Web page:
Hearing Donald Trump’s hot mic recording loop over and over again throughout this “Don Dada’s” (read: ladies’ man) tune is a sign of just how tragically pervasive the disregard for women’s bodies is globally.  I watched the video and was immediately transported back to early October when the “Access Hollywood” story first broke the internet but, notably, did not break Trump’s campaign. In Esco Frass’ defense, (insert me shuddering as I write that phrase) the release of that 2005 recording did not stop Trump from getting elected, so why should it stop a dancehall artist from capitalizing on a now “popular” Trump phrase? The tragedy is that Jamaica seemed poised to adopt the phrase. This is Jamaica, land I love, land that birthed me, and land of daggering.  Jamaican popular culture, particularly Jamaica’s musical heritage, has anchored my existence yet I find this song to be particularly dangerous.  As I blogged last year with regard to Chaka Demus and Pliers’ “Murder She Wrote,” while our bodies may respond to the vibes, we must stop and consider what the lyrics are saying.

It was only twelve years ago that the very newly minted president of the United States of America was caught boastfully saying: “And when you’re a star [women] let you do it. You can do anything…Grab them by the p*ssy… Some Tic Tacs just in case I start kissing her… I’m automatically attracted to beautiful – I just start kissing them. It’s like a magnet. Just kiss. I don’t even wait…” Trump’s now infamous but not un-electable message of “Grab them by the p*ssy” are carefully translated by Esco Frass into Jamaican language when he says: “Up like Trump/ Dem gyal a get f*ck/ […] Me no talk, just reach, and feel fi di clump.”  The song even references the seedy details of the hot mic transcript when Frass says that he “buy yuh furniture/ buy yuh house/ mi pop off yuh skirt/ den pop off yuh blouse.”  c2kzdmzxeaaetvuWearing a red tie like the one that Trump donned during the pomp and circumstance of yesterday, Esco Frass also put on white-face, a pout, and a terrible blonde wig to perform Trump-ed up levels of misogyny as he layered the now POTUS’s hot mic words with his own all while riding on a trap track that was versed by a rap clique that values “money, hos, and clothes,” to quote the late Brooklyn philosopher, Notorious B.I.G.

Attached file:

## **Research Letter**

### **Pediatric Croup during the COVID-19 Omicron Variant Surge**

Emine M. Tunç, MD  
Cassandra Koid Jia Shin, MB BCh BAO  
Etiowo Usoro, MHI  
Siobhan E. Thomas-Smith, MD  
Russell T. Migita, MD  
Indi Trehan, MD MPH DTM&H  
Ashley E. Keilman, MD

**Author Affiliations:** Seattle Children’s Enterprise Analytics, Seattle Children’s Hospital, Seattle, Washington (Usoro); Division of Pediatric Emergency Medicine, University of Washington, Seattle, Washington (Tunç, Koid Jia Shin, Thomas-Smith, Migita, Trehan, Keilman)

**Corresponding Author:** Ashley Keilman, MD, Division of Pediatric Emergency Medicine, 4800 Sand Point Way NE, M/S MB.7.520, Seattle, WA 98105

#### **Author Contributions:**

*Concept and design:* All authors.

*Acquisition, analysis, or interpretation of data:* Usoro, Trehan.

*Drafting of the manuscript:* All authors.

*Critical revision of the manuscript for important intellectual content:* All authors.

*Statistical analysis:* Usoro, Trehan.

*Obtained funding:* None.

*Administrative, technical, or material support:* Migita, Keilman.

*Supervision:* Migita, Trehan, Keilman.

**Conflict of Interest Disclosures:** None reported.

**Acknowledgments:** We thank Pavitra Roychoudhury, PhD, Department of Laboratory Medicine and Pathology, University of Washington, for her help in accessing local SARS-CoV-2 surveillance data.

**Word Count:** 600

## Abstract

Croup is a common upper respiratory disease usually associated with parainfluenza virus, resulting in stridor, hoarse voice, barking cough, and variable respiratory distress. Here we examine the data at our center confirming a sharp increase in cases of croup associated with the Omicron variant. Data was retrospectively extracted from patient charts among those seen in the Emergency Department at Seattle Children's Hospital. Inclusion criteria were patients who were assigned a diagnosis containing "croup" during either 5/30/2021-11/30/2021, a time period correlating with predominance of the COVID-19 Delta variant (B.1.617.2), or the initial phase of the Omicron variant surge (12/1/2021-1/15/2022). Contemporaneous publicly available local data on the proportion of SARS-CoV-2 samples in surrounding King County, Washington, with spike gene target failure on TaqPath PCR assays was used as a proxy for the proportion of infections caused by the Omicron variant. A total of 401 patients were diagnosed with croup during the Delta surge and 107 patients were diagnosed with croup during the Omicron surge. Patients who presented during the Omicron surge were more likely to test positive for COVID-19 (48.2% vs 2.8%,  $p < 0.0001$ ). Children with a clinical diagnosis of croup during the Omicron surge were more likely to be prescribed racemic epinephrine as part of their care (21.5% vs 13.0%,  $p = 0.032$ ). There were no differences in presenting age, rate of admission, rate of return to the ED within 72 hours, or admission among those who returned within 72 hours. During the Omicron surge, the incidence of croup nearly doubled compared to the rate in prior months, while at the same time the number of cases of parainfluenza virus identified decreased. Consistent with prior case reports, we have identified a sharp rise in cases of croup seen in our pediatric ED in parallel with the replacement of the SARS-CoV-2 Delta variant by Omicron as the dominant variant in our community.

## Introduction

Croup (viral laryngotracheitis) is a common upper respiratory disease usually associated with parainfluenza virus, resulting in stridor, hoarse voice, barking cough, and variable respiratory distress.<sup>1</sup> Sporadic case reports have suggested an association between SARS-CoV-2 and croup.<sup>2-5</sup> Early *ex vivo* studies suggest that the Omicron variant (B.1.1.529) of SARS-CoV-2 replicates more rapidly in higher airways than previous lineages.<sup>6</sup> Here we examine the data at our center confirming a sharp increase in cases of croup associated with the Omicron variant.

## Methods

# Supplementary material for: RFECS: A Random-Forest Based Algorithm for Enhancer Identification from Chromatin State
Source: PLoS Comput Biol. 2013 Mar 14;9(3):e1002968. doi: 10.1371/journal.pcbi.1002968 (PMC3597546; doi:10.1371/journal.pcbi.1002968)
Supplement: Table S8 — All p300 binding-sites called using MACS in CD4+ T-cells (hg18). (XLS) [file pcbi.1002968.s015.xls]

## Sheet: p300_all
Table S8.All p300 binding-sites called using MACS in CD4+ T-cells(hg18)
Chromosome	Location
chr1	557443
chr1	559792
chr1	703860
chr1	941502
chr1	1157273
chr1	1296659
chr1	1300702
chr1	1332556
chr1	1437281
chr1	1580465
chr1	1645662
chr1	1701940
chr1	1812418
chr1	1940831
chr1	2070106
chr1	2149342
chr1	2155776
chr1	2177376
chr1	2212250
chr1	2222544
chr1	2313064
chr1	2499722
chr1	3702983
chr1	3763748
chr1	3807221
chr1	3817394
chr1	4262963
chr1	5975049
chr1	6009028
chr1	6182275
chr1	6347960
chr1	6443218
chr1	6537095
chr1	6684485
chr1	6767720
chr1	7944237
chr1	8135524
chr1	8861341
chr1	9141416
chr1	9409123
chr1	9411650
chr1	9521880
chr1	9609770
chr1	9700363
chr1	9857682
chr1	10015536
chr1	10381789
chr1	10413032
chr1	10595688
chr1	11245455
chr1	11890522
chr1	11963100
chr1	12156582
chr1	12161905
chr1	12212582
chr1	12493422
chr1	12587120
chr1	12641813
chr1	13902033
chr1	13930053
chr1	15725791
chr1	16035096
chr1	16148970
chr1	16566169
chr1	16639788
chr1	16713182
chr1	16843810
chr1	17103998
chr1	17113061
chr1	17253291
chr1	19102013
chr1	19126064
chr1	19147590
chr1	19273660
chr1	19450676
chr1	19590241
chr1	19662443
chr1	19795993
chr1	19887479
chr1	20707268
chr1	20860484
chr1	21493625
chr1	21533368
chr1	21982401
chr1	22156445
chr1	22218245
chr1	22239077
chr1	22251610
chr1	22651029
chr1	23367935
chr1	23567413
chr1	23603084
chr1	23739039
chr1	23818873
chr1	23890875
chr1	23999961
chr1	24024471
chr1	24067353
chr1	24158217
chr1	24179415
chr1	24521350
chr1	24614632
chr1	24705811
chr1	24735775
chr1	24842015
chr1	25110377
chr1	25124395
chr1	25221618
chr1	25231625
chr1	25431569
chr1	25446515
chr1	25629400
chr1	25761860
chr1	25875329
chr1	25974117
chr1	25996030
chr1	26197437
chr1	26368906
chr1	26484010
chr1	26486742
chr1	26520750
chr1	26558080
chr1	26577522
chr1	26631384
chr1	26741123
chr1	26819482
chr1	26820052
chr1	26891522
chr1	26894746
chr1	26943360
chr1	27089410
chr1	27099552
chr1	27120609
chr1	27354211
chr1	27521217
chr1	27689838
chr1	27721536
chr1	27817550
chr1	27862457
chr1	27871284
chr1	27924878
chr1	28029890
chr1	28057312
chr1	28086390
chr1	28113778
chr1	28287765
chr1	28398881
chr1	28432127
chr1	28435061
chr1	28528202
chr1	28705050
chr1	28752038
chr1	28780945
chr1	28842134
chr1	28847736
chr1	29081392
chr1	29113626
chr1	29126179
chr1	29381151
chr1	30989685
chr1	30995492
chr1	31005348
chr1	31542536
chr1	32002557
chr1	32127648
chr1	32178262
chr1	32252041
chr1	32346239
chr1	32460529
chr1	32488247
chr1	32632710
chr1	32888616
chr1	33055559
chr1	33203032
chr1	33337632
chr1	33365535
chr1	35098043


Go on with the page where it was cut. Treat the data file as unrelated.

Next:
What does it signal when on Inauguration Day a practitioner of dancehall (which is already a misogynistic musical genre) releases a video tune that directly samples Trump’s brand of sexual assault?  In my estimation, Esco Frass Don Dada’s choices signal the importance of how Trump’s language of inflammatory rhetoric is going to problematize and endanger all manners of communication and relationships from both the personal to the international level.  Specifically, this exposes just how Trump’s very public sexualization of women is being read outside of the U.S. This emphasizes the importance of the end-of-2016 hashtag and movement that gave hundreds of violated Caribbean women the courage to publicly voice their truths about sexual assault. Thank you #lifeinleggings.  To some degree, “Up Like Trump” demystifies why there were 10,000 cases of child abuse reported to authorities in Jamaica in 2013 (the majority of those cases were about girls and their trafficking).  This video-song may also shed light on why in my island nation of Jamaica there were more than 20 women killed by their domestic partners last year.

Just yesterday I was re-reading Jamaican writer Michelle Cliff’s 1982 essay “If I Could Write This In Fire, I Would Write This in Fire.”  The recently and dearly departed Cliff wrote about the destructive rage of having to remain silent about one’s life’s truths. (Thank you again #lifeinleggings.) In one of the sections of the essay she discussed Jamaica of the 1970s, the Michael Manley years. Cliff noted that by 1980 such a significant segment of Jamaica’s educated population had migrated to the US and Canada that the nation had to rally a new campaign to bring in any tourist dollars that it could. “Make it Jamaica again” was the campaign and YouTube makes viewing it possible.